FP: What makes Microsoft a leader in sustainability so that others approach you for answers?
MH: That’s important to me, thought leadership and making sure Microsoft has a seat at the table. We understand what’s going on and we are showing up to do our part for the bigger picture. We do good in the world and we are empowering organizations to achieve more.
Microsoft was one of the first tech companies to make a stand. We made net neutral goals over 10 years ago but we didn’t stop there. About 18 months ago, we renewed goals to become net negative by 2030. Even more, by 2050, we have a goal to retroactively take all the carbon we’ve produced since we were founded in 1975 from Scope 1, 2, and 3 emissions out of the atmosphere. Those are pretty robust goals. People look to Microsoft because of how we talk about sustainability but also because we put our money where our mouth is. Recently we announced a billion-dollar investment in net negative technologies to help support our own goals and objectives over the next 10 years. People see Microsoft making bold statements and want to know more.
FP: When people ask for help, is their main challenge to become net neutral or net zero?
MH: That’s usually the lead-in. Often the first question is, “How did you do it?” and I say, “We haven’t fully realized or done it yet: We’re on a journey and we’re learning every single day.” There are moments when you wonder if we’re ever going to be able to solve the climate crisis. Can we achieve our goals? But other days are amazing. The best thing you can do is set strong goals and then get a great team in place to build out a robust strategy, build KPIs, and determine necessary investments. The strategy piece is important. I recently spoke to a client that had 100 bullet point goals to achieve net-zero. Which is incredible! But each of those bullet points often needs its own strategy and an execution plan. You need milestones that make you pause to determine whether you as a leader or organization need to, pivot or persevere. We’re humble, we don’t know all the answers and we learn so much from clients and partners.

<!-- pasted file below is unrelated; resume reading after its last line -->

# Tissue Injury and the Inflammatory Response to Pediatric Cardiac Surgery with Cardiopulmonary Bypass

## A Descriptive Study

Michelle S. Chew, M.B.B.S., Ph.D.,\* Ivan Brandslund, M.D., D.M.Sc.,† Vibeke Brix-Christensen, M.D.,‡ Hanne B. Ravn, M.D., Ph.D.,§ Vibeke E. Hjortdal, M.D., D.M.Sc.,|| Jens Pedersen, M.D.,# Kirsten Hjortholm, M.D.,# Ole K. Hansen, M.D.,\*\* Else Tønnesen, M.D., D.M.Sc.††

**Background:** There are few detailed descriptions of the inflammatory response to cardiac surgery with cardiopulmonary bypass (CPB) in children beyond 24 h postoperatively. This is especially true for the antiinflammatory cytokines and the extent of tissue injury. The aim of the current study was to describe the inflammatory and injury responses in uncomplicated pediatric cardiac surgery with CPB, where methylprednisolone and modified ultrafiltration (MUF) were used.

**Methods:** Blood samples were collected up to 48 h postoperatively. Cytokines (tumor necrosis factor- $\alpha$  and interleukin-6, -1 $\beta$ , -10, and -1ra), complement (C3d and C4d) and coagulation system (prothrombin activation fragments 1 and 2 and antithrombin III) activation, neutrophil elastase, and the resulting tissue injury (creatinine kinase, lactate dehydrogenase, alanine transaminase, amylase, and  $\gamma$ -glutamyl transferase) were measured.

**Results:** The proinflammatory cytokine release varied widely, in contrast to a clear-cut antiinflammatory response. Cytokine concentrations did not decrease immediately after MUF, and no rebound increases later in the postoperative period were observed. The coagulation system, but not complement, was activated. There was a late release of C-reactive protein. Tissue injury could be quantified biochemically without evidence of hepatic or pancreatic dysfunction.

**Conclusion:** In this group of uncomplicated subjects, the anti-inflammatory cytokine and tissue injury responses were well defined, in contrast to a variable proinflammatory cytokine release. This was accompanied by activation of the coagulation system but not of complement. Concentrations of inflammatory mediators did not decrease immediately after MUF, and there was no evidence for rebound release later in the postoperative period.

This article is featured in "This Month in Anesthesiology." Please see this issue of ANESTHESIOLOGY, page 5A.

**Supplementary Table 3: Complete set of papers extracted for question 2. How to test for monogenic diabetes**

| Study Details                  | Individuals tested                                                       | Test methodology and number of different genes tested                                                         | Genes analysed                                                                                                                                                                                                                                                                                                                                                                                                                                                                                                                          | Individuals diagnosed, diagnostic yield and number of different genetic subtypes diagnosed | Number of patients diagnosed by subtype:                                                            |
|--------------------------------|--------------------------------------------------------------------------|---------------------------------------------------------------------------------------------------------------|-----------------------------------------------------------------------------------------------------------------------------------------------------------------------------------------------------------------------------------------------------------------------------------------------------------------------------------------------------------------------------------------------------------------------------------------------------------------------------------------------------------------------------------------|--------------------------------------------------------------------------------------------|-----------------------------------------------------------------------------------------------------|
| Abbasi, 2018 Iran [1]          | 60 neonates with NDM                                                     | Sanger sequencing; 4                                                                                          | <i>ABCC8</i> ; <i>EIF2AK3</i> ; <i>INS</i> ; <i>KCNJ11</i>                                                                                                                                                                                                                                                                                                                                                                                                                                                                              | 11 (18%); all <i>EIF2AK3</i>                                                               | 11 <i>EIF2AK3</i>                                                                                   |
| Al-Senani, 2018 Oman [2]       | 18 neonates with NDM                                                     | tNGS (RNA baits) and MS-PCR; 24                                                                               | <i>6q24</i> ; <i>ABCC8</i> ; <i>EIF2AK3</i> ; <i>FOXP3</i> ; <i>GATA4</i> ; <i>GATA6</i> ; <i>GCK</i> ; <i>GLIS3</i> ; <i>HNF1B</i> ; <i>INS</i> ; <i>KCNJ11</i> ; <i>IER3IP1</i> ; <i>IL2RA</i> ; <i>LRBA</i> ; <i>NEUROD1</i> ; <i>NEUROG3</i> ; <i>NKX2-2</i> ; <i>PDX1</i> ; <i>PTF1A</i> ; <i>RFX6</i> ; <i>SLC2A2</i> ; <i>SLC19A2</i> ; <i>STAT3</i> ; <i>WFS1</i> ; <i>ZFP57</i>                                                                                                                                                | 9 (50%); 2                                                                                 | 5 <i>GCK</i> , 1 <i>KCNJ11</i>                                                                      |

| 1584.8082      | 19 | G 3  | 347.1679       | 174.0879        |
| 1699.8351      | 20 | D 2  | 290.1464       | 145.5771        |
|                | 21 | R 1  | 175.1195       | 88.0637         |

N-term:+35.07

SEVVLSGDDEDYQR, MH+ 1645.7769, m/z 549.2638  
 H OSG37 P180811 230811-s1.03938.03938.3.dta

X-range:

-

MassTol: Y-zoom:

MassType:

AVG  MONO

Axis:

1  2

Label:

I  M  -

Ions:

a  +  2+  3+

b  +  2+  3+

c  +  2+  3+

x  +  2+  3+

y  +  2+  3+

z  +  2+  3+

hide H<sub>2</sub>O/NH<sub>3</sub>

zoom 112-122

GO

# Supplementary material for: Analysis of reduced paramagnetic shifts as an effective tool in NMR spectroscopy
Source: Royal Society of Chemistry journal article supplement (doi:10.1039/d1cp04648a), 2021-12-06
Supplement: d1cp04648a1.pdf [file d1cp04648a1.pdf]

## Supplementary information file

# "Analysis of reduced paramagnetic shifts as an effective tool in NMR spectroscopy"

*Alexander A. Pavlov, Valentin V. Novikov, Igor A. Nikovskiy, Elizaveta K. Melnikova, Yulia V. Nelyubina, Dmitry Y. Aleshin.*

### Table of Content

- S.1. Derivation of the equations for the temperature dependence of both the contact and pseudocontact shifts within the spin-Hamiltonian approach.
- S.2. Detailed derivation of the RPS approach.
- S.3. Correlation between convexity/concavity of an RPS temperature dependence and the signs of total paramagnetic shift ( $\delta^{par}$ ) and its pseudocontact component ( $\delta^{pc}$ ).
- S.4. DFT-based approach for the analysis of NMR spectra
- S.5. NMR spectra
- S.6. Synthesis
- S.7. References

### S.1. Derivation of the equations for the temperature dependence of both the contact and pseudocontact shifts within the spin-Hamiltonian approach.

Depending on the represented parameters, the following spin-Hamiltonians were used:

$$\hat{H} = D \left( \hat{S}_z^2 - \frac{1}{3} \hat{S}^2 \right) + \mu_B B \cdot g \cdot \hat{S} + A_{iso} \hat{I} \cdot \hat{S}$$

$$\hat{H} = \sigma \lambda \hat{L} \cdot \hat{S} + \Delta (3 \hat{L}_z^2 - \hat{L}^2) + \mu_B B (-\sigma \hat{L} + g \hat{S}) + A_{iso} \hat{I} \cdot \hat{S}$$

FP: Are those clients solely in real estate?
MH: Microsoft touches all industries and I lead go to market sustainability strategy for real estate, retail, financial services, agriculture, and more in the United States. Of course, there’s that piece that cuts across them all, the built environment. We think about strategies that support real estate owners and operators but also how the built environment impacts customers via factories, office buildings, supply chain etc. With buildings consuming up to 40 percent of energy in the U.S., it’s a big market and an important focus for those trying to reach goals.